By BRETT MARSHALL
The numbers are indeed impressive when one looks at Glenn O’Neil’s six-year football coaching resume’ at Scott City High School.
Sixty-three wins, 10 losses — and finally a Class 3A state football championship.
In setting the tone and making sure his staff and his players remained focus on little goals before the bigger goals were accomplished, O’Neil has been recognized as The Telegram’s 2012 Football Coach of the Year.
For the low-key O’Neil, getting that much-talked about state title came in a way that at last took that 800-pound gorilla off the Beaver program’s back.
“It was a thrill and kind of some relief at the same time,” O’Neil said while sitting down for a final look at the 2012 season. “The kids had set such lofty goals for themselves. As a coaching staff, a lot of our job was to kind of maintain sanity and at the same time to tell them that there’s a lot of other little goals we need to achieve before we could worry about getting to the state championship.”
The only close contest of the nine-game regular season came against rival Holcomb, in what proved to be the title game of the Great West Activities Conference. The offensive juggernaut that was averaging nearly 47 points and more than 450 yards was complemented by a stifling defense that held opponents to a mere touchdown each Friday night.
“It was Week 7 or 8 and we brought all the seniors in,” O’Neil recalled. “I told them, ‘Here’s my coaching goals and here’s what I want to achieve with the team.’ There wasn’t a state championship goal on that list. There’s a lot of other things that we talked about that if we achieved those goals, the playoffs and possibly a state championship could take care of itself.”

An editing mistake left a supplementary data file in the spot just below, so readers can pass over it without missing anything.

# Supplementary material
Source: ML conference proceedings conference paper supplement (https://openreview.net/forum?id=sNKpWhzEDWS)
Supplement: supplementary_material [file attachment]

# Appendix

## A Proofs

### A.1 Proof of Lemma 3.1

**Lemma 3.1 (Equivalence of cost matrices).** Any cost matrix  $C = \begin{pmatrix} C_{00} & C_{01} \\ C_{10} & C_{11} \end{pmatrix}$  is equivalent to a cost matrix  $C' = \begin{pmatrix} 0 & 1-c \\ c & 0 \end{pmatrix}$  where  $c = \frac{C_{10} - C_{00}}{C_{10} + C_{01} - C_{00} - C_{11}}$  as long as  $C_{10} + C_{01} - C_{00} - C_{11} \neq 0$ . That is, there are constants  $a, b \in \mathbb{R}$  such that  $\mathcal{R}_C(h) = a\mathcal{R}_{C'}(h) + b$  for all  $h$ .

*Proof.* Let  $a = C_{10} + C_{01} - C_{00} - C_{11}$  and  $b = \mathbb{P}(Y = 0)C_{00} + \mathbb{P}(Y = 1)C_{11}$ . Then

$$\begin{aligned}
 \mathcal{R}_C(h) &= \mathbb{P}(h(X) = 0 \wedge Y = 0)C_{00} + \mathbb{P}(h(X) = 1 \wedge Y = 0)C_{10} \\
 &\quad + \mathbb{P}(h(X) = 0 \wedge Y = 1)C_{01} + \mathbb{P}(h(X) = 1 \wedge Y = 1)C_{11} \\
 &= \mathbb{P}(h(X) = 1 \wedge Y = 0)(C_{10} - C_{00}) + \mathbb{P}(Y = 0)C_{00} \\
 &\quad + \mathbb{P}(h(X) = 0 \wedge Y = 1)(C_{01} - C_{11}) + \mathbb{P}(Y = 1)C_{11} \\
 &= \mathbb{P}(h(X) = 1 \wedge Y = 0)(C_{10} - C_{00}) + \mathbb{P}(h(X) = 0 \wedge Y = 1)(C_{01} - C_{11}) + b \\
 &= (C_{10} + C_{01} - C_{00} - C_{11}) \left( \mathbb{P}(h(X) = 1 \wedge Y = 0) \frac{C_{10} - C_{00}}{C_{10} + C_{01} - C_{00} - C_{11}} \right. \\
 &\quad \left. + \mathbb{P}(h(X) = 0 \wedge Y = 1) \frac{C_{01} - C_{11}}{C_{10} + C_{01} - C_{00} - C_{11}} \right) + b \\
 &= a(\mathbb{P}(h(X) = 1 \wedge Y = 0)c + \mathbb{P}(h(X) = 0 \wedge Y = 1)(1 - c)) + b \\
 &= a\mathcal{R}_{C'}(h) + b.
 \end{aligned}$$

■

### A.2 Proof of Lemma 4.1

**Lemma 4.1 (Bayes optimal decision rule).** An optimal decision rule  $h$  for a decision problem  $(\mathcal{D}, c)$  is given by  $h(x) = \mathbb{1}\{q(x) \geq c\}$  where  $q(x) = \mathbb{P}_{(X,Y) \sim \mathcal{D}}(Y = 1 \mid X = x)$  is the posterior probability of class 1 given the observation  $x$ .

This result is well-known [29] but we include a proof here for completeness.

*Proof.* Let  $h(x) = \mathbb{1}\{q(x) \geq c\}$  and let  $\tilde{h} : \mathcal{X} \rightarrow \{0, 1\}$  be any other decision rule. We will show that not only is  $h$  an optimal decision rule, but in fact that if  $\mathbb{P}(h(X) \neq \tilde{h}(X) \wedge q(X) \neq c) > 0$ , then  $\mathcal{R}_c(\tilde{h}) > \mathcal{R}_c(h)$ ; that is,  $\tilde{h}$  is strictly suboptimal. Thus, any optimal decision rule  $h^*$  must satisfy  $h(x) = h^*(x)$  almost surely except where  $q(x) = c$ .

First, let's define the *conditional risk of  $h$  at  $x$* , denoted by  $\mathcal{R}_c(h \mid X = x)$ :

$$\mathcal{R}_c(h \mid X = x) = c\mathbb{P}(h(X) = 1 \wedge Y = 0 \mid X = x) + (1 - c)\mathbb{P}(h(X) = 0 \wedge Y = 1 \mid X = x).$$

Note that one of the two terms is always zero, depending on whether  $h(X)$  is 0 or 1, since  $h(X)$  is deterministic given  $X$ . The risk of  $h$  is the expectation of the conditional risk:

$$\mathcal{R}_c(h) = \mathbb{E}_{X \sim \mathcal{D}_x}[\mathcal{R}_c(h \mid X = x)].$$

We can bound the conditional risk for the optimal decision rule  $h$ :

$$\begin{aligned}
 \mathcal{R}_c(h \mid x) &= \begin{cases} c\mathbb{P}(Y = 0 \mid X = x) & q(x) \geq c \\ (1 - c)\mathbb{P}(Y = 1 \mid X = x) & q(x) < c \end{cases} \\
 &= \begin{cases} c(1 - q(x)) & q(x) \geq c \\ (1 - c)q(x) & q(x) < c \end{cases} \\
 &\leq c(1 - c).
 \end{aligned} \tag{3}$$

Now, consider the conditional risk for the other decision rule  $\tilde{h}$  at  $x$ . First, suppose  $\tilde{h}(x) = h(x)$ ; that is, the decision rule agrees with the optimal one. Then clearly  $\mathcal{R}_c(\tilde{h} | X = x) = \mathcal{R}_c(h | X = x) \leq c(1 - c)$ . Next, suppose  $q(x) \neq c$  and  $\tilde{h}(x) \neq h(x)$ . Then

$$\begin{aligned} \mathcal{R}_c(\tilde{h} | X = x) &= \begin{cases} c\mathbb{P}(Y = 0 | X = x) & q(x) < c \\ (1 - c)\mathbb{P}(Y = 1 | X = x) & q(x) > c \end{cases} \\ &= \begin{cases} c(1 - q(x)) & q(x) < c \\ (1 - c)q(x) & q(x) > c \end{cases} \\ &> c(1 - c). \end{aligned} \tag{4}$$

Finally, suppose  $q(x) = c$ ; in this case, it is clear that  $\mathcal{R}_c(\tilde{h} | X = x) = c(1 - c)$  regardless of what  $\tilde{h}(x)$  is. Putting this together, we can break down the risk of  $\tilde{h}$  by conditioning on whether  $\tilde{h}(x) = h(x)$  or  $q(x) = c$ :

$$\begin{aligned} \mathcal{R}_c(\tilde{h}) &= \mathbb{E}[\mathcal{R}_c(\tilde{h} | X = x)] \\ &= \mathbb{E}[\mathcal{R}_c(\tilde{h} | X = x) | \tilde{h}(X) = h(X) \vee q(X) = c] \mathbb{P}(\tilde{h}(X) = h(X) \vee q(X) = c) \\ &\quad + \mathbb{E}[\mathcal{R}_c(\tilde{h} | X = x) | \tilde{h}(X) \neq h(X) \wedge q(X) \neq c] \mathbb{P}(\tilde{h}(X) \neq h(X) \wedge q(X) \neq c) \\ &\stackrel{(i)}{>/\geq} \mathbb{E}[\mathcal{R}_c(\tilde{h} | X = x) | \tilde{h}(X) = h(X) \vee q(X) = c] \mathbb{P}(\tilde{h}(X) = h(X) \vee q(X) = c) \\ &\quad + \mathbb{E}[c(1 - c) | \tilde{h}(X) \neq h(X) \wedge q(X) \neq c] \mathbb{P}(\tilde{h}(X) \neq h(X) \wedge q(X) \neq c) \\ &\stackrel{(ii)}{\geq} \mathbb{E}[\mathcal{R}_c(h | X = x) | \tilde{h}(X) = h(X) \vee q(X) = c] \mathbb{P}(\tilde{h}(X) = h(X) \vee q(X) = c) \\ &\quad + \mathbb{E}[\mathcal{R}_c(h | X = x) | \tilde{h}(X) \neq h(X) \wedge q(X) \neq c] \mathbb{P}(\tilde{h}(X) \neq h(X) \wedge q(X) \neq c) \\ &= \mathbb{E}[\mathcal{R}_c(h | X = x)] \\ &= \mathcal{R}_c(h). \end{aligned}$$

Despite all the success of the Beavers’ senior class, they had not tasted a state championship game, let alone savored what a title might feel like.
“They had put so much pressure on themselves they felt like they had to win 5 games in one night,” O’Neil stated. “I felt like we just need to take care of one thing at a time — daily, weekly goals. We could reset goals once we got to the playoffs.”
Two lopsided triumphs over Cimarron and Sacred Heart, both decided by halftime, set up the quarterfinal matchup with then-unbeaten Garden Plain.
That ‘jinxed’ third round, where the Beavers had also lost to Wichita Collegiate (2009) and Conway Springs (2011) — not including a second-round exit in 2010 at Smith Center — the Beavers made their statement in a 49-0 rout.
“The biggest thing in the Garden Plain game was making sure the kids believed in themselves,” O’Neil said. “We had gotten to that round it seemed like everybody felt we were jinxed in that round. We’d had a lot of trouble getting past that in the last five or six years. A lot of that had to do with who we were playing (two eventual state champions) and where we were playing (on the road at Collegiate, Smith Center and Conway Springs). This time, we got to play at home.”